Thousands pack Vines Center, Simulcast locations for Friday's big announcement.
Extreme Makeover: Sports Edition
Greeted by loud roars and a standing ovation by students in a jam-packed Vines Center on Friday morning, Chancellor Jerry Falwell Jr. kicked off the 2009-2010 academic school year by unveiling plans for a completely revamped Williams Stadium and Vines Center.
Athletic Director Jeff Barber followed Falwell’s announcement by giving the student body a sneak peek of the new facilities with a slideshow on the Vines video screens. The football stadium, which is expected to be ready for construction following the last home football game of the season in November, will be constructed in three phases. Phase One
will be headlined by a new, 34,000 square-foot press room to accompany approximately 6,600 additional seats to the west
side of the stadium.
Four elevators will service staff, media and fans seated throughout the three stories, and the new facility also includes 16 permanent luxury seats designed for donors and Flames Club members. A 500-seat banquet facility, a 1,000-seat classroom as well as various office suites will also be constructed.
Phases Two and Three will focus on constructing even more seating around the complex, with a 4,000-seat upper deck expected to be
added above the current student section and an additional horseshoe style seating area for 6,400 people behind the south end zone. New bathrooms and concession stands are expected to be added in the stadium’s facelift as well.
Williams Stadium, which currently seats 12,000 fans, is expected to reach 30,000 seats at the end of Phase Three and will add “great beauty to the University” according to Barber. He noted that the long-range goal for the operation is to hold 60,000 seats and rival the facilities of Virginia Tech and the University of Virginia.
Most of the estimated $12 million it will take to fund Phase One of this project will come through donations from the Flames Club and other University donors, Barber said. An extensive fundraising campaign is expected to be launched immediately, with bidders pledging donations for naming rights to buildings, rooms and other amenities both projects will feature. Ticket prices “may be raised a buck or two,” Barber said, but will for the most part remain affordable to the general public.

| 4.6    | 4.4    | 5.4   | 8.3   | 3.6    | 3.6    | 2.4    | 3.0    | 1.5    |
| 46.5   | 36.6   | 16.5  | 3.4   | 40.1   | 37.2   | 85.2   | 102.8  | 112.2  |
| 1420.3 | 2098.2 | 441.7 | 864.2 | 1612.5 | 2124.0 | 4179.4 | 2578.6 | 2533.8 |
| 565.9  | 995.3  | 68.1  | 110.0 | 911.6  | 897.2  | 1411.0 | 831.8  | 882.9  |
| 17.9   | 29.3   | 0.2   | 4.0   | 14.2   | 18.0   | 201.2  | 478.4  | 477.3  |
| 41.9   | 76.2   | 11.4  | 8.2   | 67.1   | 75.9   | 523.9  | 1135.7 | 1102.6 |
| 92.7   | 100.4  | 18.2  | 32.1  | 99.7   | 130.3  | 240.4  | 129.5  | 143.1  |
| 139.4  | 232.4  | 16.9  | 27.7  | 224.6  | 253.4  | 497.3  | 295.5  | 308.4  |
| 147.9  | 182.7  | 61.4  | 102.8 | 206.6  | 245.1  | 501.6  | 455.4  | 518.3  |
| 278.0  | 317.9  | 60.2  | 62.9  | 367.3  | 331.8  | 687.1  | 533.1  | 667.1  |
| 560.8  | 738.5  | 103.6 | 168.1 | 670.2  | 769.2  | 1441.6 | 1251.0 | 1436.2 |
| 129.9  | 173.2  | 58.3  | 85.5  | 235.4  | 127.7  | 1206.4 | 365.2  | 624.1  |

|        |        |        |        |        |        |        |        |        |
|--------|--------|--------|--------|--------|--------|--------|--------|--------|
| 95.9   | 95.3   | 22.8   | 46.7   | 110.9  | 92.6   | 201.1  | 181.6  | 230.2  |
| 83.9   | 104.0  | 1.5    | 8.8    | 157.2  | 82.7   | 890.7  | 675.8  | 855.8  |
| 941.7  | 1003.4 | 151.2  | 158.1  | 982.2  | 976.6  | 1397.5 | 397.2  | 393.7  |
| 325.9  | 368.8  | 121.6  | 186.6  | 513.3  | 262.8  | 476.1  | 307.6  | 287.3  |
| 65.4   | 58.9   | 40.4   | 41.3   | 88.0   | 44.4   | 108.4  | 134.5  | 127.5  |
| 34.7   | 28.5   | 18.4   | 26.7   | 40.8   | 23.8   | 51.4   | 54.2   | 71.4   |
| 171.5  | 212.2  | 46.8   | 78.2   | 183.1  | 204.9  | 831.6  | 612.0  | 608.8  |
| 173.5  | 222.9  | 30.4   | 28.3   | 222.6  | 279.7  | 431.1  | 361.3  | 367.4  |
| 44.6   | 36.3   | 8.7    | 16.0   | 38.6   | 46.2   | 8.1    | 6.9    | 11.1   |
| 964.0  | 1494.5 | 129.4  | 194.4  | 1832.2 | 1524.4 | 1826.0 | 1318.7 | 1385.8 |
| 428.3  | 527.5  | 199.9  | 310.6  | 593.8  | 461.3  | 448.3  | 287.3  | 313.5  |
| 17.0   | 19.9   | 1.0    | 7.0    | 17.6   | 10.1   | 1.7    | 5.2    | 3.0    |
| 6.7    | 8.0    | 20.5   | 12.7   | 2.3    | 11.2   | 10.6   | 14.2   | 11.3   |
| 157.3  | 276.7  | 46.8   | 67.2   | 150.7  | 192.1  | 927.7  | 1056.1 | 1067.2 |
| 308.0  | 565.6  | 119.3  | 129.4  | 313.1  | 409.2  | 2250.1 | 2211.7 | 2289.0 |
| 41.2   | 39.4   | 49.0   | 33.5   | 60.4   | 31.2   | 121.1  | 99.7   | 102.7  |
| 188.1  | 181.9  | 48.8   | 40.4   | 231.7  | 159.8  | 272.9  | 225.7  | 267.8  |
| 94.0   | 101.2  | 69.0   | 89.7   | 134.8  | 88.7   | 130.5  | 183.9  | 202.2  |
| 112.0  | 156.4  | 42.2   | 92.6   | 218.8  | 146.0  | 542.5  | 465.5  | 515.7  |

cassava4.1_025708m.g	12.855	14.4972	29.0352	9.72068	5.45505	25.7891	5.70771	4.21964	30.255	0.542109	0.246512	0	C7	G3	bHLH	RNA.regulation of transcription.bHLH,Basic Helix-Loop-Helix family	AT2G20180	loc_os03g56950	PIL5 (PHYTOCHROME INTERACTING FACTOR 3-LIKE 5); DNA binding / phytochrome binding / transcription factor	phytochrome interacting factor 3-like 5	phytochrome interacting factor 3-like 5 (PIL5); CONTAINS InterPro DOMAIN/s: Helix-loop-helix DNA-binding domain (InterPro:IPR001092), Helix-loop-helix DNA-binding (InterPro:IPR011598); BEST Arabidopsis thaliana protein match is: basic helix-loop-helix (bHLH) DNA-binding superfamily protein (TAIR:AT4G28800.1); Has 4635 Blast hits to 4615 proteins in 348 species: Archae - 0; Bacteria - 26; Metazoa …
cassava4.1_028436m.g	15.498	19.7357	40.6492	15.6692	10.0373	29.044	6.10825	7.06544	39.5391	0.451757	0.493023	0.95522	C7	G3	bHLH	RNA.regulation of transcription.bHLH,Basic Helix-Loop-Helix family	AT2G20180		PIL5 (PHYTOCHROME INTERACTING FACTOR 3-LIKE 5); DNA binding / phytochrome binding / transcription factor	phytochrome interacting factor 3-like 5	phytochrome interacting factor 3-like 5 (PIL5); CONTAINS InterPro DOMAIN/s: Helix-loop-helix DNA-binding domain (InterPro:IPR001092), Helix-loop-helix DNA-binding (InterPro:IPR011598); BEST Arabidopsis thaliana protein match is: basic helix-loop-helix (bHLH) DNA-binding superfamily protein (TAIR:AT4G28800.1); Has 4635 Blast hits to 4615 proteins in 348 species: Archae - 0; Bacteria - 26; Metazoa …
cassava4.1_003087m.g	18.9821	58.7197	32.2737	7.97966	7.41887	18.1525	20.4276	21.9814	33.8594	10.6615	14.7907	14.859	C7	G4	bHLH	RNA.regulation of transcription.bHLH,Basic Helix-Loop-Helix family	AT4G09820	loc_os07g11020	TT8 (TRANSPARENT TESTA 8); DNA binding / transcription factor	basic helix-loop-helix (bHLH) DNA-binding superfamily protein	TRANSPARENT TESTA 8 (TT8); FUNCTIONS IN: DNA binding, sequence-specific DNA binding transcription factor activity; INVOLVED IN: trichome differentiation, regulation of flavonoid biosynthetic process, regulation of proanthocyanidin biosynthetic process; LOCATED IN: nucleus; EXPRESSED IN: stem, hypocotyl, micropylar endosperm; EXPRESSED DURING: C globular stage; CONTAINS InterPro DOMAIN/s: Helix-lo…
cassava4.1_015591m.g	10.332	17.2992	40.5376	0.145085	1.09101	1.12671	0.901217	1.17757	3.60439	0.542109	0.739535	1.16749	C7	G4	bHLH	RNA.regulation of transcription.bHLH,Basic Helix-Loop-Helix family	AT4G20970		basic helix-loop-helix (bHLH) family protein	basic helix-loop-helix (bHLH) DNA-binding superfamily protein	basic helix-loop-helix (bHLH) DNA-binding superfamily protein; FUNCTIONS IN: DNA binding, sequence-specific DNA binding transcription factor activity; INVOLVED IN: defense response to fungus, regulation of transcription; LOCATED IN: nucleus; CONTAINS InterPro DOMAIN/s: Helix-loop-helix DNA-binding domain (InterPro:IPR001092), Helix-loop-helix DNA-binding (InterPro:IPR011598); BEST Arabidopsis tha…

Not to be left out, the Vines Center will also be undergoing a huge change in the next five to ten years. Barber announced plans to add two balcony areas in the arena holding up to 3,000 seats, with the option of potentially adding suites and clubrooms underneath for Flames Club members and donors. The project is expected to extend the Vines Center’s seating from its current 8,000 to 12,000 at the end of completion.
The project will also improve the exterior of the arena, giving the Vines a more modern-classical look. A Jeffersonian-style lobby with glass windows will be the first thing Flames fans will see upon approaching and entering the arena as well as a new brick façade to accompany the new look.
Head men’s basketball coach Dale Layer, who enters his first season at the helm of the Flames, believes the new plans can not only help his team in recruiting new players, but also by drawing in prospective students.
“The improvements of the football stadium and the Vines Center speak volumes of what Liberty is trying to do nationally. This is a great time to be at Liberty, and when you see progress and commitment and things going forward, you want to jump on board and roll up your sleeves and get involved with it. It’s a real boost to all of us,” Layer said.
Contact Jake Petersen at email@example.com.
Proposed stadium upgrades for Williams Stadium.
Proposed upgrades for Vines Center exterior.
Proposed interior upgrades for Vines Center.